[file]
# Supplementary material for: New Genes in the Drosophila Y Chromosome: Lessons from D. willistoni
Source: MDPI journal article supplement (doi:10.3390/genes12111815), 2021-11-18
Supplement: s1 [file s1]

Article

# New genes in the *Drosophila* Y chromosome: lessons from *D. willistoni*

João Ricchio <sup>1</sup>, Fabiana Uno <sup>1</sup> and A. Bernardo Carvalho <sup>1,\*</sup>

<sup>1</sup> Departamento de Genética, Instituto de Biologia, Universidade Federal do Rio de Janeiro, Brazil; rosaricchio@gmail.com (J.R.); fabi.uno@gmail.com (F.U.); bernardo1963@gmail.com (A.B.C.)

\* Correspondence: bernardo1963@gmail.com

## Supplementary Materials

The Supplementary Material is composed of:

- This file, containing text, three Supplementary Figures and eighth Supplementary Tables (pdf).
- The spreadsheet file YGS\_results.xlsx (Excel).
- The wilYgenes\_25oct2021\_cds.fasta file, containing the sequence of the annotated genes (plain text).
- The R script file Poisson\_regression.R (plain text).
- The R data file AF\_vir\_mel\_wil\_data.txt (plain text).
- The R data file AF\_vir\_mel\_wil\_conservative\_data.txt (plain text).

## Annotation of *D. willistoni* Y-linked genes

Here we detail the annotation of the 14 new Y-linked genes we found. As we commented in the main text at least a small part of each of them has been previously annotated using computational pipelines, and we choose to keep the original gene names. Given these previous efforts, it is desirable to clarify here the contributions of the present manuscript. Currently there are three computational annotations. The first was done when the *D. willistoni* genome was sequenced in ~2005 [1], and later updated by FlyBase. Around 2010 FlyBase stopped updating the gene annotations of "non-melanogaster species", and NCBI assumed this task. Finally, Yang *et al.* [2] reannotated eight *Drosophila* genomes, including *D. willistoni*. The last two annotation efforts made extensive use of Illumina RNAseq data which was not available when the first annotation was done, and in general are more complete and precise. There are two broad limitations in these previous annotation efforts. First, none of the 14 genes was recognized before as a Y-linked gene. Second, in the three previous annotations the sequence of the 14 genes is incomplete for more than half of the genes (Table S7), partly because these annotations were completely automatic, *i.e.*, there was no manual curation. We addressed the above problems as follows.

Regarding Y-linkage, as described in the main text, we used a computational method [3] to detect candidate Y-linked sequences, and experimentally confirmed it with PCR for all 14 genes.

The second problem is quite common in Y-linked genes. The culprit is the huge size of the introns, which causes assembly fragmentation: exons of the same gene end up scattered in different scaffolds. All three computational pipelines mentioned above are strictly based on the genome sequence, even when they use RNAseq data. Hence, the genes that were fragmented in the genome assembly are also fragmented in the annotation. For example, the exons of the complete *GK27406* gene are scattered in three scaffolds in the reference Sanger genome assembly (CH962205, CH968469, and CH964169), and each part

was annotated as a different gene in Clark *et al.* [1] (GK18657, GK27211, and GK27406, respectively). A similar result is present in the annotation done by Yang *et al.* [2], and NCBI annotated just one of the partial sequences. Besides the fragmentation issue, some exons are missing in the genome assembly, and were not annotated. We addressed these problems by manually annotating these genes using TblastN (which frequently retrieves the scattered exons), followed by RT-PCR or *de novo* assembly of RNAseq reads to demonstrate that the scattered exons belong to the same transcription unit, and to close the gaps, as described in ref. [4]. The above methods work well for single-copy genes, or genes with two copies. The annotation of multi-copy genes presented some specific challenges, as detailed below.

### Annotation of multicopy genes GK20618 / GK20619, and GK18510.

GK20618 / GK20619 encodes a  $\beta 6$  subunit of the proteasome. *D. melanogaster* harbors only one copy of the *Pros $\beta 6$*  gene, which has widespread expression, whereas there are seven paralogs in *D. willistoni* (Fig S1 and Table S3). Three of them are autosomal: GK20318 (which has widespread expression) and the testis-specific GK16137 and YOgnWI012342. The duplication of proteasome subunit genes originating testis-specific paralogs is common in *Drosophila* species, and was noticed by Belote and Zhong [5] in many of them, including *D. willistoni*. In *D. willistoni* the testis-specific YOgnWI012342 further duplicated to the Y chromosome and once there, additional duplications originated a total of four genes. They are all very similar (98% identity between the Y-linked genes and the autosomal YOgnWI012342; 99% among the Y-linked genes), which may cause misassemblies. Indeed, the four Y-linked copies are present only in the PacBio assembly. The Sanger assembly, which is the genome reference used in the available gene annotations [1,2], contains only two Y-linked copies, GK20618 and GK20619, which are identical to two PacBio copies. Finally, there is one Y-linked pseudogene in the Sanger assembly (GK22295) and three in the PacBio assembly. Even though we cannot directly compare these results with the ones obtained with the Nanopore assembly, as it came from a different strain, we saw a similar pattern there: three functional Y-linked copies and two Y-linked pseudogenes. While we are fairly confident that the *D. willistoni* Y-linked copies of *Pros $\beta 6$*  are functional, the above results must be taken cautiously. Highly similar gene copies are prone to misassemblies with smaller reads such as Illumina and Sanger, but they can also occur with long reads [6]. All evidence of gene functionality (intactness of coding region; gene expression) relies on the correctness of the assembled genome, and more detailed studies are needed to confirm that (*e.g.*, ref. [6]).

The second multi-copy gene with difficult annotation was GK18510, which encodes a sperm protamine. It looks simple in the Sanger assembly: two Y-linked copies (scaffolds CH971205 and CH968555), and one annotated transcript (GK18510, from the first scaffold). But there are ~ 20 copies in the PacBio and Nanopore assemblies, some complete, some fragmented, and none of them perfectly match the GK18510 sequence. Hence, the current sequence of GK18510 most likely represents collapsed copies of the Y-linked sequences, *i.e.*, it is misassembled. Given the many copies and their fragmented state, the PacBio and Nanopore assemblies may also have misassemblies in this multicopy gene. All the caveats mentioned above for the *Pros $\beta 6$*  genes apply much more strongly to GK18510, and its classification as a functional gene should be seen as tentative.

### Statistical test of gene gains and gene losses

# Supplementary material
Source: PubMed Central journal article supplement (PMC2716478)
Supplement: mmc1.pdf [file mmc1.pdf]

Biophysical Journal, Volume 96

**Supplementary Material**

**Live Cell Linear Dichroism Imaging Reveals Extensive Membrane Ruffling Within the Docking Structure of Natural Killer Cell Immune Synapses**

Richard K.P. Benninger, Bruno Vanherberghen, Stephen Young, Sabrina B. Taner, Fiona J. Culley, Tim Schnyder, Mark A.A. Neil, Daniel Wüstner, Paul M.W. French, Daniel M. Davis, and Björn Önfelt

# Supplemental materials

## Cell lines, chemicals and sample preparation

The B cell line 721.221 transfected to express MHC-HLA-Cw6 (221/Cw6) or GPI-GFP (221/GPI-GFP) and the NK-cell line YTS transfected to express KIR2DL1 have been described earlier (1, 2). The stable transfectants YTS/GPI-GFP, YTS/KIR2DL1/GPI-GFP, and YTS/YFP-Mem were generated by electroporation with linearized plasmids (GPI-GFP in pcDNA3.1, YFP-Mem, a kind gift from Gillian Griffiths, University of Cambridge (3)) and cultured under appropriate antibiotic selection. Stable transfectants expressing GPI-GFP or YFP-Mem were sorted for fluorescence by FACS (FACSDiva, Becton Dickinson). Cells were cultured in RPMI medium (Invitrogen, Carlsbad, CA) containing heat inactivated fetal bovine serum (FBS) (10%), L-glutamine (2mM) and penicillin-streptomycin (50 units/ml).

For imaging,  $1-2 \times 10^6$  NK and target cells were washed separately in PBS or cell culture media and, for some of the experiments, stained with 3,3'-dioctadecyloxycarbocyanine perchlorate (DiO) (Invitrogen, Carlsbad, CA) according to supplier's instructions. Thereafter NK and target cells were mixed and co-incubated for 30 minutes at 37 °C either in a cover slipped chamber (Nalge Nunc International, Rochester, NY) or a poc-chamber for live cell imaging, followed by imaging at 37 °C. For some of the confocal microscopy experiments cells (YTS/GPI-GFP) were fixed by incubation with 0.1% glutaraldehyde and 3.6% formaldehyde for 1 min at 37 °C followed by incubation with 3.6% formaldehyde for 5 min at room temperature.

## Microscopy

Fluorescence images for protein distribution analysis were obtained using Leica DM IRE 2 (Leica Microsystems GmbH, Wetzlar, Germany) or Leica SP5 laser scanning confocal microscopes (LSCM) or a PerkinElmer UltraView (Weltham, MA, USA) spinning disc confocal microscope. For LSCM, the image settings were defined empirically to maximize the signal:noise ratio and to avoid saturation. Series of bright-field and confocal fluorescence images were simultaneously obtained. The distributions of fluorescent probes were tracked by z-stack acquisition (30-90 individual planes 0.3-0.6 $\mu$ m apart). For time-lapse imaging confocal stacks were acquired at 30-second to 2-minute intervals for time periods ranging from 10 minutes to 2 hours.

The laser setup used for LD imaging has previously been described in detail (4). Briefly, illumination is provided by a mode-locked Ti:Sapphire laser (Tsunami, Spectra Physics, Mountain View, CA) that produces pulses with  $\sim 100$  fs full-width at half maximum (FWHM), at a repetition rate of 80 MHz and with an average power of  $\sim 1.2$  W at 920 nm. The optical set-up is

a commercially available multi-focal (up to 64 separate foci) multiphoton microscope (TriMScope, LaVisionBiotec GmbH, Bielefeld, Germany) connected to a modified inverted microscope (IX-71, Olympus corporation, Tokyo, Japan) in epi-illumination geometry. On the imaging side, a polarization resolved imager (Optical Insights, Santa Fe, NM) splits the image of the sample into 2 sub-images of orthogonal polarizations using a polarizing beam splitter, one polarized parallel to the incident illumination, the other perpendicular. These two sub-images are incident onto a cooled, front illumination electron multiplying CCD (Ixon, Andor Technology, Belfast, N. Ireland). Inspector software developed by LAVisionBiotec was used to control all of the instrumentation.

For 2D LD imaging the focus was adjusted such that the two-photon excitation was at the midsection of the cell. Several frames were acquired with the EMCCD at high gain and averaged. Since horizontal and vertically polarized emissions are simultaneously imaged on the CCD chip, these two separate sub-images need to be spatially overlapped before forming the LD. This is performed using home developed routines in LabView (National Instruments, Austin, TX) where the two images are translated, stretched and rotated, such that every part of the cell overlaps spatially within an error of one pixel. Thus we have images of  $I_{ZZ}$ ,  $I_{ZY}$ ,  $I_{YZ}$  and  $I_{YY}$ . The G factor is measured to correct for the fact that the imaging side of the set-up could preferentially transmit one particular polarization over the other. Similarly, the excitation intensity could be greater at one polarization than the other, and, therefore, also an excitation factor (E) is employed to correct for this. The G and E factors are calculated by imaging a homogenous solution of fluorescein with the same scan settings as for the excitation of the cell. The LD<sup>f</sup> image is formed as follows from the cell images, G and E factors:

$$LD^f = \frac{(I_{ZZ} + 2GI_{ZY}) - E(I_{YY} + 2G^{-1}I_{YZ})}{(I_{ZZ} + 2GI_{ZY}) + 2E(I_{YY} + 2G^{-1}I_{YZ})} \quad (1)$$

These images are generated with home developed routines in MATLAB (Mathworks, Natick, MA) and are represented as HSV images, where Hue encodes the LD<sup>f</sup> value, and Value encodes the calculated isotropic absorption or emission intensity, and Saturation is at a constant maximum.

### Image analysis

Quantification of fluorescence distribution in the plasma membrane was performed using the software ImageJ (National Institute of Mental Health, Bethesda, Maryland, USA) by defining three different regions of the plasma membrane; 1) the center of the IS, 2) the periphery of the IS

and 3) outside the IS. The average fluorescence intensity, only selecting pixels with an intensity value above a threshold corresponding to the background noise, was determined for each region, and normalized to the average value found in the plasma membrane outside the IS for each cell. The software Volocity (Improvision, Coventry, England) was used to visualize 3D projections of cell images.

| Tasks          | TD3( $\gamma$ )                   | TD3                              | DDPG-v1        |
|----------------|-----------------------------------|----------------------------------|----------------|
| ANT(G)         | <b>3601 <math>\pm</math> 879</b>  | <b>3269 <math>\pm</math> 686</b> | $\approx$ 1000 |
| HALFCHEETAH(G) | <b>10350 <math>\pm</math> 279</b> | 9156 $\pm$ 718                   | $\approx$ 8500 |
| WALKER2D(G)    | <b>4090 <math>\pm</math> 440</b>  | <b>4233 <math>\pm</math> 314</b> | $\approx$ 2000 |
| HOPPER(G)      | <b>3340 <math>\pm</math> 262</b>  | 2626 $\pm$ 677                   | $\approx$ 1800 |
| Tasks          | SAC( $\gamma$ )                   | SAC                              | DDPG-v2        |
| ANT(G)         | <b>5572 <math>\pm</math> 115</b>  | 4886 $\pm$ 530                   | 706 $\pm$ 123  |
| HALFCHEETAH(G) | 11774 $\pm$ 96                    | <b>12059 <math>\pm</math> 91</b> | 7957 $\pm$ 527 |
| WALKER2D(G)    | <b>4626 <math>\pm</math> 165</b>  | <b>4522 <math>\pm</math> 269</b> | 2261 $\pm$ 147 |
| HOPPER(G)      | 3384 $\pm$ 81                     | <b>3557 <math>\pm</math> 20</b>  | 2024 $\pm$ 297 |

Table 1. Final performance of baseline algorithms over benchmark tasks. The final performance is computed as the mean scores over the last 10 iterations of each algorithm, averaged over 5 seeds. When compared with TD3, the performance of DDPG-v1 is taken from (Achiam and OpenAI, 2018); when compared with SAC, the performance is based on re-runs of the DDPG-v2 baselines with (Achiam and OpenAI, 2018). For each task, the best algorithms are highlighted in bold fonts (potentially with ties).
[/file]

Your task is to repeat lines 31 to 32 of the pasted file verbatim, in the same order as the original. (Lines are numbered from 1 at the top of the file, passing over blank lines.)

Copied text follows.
**Live Cell Linear Dichroism Imaging Reveals Extensive Membrane Ruffling Within the Docking Structure of Natural Killer Cell Immune Synapses**

Richard K.P. Benninger, Bruno Vanherberghen, Stephen Young, Sabrina B. Taner, Fiona J. Culley, Tim Schnyder, Mark A.A. Neil, Daniel Wüstner, Paul M.W. French, Daniel M. Davis, and Björn Önfelt